Ode to a Tall Case Clock

Samuel Harley tallcase 2


O, Clock. What can you tell me about your history? Did you suffer wars and revolutions?There are two musket shots in the oak facing the wall, but your front is not disturbed. In our revolution, here in the colonies, we shoved some of our smaller tots in the tall case clocks and the British opened the doors and shot the children dead. We learned fast not to do this, as our burial plots filled up with young killed by starvation and disease, beside the savagery of the British.

I see from your hand painted dial your maker was Samuel Harley, on the Severn, that slow poke river that wound around the town of the same name. Harley was born in 1760, so I can deduct that you were born around 1780 or so. Samuel must have been put to apprentice at 15 years with a clock maker or perhaps his father was one. History is sometimes mystery.

You are, by measure, three inches higher than what was custom, so were you made for a country squire’s house that had taller walls? One side of your crown on top is broken off, but I can whittle a piece out of oak, stain it and replace the damage. You have no brass moldings so you were not an exceedingly expensive clock, not one to grace the entrance hall of London Square, but stately enough for a country home. Your bonnet is pleasing, and that stationary painted dial above is a picture of Severn town, still with recognizing features of a church steeple and prominade. I think by the clothing of the figures who trod your path you might be as young as 1790.

You are made of Honest English Oak, the bulk of you from a general pattern. Little pillars of maghoney grace your hood on each side, but there is only gold etched (paint) of a spiderly kind in the four corners of your dial. Your elegance is subdued but you would be not sneared at by an Assembly in Bath or the Pump Room. You, and by your extra height can hold your own in any gentle society.

What did you hear and see? Were you carted around from house to lesser house as your owner’s fortunes declined? Did you suffer the beeswax of a tired maid who was paid less than 5 pounds a year?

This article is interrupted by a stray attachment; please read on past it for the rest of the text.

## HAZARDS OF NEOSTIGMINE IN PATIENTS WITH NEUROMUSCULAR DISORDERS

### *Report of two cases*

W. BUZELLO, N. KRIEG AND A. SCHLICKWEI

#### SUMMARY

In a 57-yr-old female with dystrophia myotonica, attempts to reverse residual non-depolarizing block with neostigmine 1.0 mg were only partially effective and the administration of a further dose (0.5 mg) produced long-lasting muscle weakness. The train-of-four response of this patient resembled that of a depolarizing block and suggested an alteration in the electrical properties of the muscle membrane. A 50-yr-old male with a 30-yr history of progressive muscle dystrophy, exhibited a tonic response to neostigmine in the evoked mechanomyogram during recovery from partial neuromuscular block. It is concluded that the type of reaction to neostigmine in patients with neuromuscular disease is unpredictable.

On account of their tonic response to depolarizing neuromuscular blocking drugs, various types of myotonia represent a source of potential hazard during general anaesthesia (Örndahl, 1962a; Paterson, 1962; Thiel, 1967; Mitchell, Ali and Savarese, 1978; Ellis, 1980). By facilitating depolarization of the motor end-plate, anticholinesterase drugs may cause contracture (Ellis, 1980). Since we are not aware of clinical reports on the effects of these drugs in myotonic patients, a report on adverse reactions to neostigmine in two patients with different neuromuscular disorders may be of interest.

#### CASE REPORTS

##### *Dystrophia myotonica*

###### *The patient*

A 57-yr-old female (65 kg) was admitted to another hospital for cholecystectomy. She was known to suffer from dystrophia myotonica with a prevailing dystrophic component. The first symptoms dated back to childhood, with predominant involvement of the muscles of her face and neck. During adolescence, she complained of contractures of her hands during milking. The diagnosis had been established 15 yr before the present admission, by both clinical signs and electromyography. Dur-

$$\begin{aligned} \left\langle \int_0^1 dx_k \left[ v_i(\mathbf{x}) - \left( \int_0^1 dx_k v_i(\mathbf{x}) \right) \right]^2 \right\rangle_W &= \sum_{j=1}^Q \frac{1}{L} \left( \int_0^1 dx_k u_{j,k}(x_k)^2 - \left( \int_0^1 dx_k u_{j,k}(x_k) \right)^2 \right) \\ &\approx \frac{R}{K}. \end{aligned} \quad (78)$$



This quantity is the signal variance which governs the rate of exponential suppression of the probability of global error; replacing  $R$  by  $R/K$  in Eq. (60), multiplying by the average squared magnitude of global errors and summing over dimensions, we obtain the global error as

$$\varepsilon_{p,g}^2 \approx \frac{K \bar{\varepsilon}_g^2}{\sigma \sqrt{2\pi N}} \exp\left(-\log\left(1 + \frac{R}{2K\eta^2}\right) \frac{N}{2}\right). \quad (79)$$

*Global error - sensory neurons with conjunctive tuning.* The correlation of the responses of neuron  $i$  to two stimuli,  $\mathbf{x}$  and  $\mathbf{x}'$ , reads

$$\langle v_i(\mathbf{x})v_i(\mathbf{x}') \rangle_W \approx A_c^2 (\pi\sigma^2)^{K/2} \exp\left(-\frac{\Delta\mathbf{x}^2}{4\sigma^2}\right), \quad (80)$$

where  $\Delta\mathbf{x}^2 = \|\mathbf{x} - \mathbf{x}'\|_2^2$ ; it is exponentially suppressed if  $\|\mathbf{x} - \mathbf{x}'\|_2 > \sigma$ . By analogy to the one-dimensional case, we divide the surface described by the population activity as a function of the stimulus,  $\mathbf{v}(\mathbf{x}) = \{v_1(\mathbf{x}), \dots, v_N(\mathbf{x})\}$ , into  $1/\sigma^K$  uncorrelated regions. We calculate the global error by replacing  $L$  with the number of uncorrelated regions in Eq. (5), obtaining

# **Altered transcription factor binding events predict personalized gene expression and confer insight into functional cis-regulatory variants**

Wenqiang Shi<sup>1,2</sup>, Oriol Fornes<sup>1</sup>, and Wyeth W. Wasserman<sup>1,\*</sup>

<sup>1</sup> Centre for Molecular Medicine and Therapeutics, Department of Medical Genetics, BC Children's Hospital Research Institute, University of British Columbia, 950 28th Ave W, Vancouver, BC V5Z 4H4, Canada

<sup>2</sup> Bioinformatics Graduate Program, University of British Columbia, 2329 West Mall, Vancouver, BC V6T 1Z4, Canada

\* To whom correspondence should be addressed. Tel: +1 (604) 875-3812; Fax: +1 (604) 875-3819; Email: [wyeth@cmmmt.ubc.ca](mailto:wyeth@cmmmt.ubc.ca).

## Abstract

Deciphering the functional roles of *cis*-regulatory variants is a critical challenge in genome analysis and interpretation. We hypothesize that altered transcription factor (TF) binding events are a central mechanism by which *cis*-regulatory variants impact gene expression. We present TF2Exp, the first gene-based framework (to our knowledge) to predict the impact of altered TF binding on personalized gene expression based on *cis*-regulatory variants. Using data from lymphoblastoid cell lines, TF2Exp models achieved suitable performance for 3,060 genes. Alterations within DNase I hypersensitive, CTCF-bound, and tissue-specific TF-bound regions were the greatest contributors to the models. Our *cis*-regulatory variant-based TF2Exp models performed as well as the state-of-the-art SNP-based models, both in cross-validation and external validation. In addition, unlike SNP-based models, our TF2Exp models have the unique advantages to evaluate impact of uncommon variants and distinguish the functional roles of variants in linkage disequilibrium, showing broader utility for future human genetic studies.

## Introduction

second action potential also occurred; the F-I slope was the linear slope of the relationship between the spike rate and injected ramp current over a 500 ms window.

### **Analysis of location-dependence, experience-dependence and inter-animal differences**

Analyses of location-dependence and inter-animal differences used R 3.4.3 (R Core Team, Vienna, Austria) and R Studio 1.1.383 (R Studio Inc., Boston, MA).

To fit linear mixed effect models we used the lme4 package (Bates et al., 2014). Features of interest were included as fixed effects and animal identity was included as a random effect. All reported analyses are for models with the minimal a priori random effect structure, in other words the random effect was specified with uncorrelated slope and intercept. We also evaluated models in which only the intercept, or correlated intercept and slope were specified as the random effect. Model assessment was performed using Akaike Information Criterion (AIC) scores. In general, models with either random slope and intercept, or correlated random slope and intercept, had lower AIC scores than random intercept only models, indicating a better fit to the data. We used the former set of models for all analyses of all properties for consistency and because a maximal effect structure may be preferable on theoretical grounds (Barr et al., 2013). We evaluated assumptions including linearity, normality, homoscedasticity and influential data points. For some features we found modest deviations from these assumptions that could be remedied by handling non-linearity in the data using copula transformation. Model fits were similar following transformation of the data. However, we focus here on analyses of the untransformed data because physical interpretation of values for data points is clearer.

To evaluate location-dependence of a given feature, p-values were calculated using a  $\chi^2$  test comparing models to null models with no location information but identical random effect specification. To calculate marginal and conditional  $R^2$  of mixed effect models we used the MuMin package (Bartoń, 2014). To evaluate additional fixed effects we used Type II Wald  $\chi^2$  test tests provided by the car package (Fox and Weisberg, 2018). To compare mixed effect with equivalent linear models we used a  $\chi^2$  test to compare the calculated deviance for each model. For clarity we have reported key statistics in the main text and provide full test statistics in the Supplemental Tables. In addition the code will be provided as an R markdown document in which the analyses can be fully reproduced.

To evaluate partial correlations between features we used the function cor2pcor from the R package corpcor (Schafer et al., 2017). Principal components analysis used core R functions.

How did you get to America and how did you land in Atlanta? When the pickers from Life Cycle came to your Buckhead house how had you, beautiful thing, ended up in the garage. The elderly woman told them to ‘take that old clock’ and the men gently put you on top of the pile. You ended up in the warehouse, covered and closed with green tape and we saw you the third day you arrived. The supervisor was smart and generous. For three days he was given ‘lowball’ quotes by people who could sell you for three times your unimproved self. We walked in, saw you, and we fell in love. We climbed a ladder to peak into your inners and behind you and the man asked us what we would do with you.

Oh Lovely Clock. We would do nothing to ‘improve’ you except to polish you with your usual beeswax, and I to take my morning tea observing the sunlight that floated across your form. He was delighted with our response and sold you to us at a reduced price. I would have paid twice the asking because I had fallen in love.  You raised my heart and spirit and allowed me to think about the mystery of history.

Rest easy Clock. You are home and you will never suffer war or revolution again. We will grow older together and delight in the shine and subtle light of your finish. An occasional cat will visit and spray but that is little insult as to what you have known.

You delight us in every angle.   We have had the perfect place for 50 years waiting for you to grace our own Georgian house in America.


Jane Kohut-Bartels

Copyrighted, 2020

2 Responses to “Ode to a Tall Case Clock”

  1. sunmoonstar13 Says:

    A lovely ode to your beautiful clock! It’s like a new family member has joined your household 🙂

    Liked by 1 person

  2. ladynyo Says:

    thank you Nick. Thinking about making this into a short story…..

    Liked by 1 person

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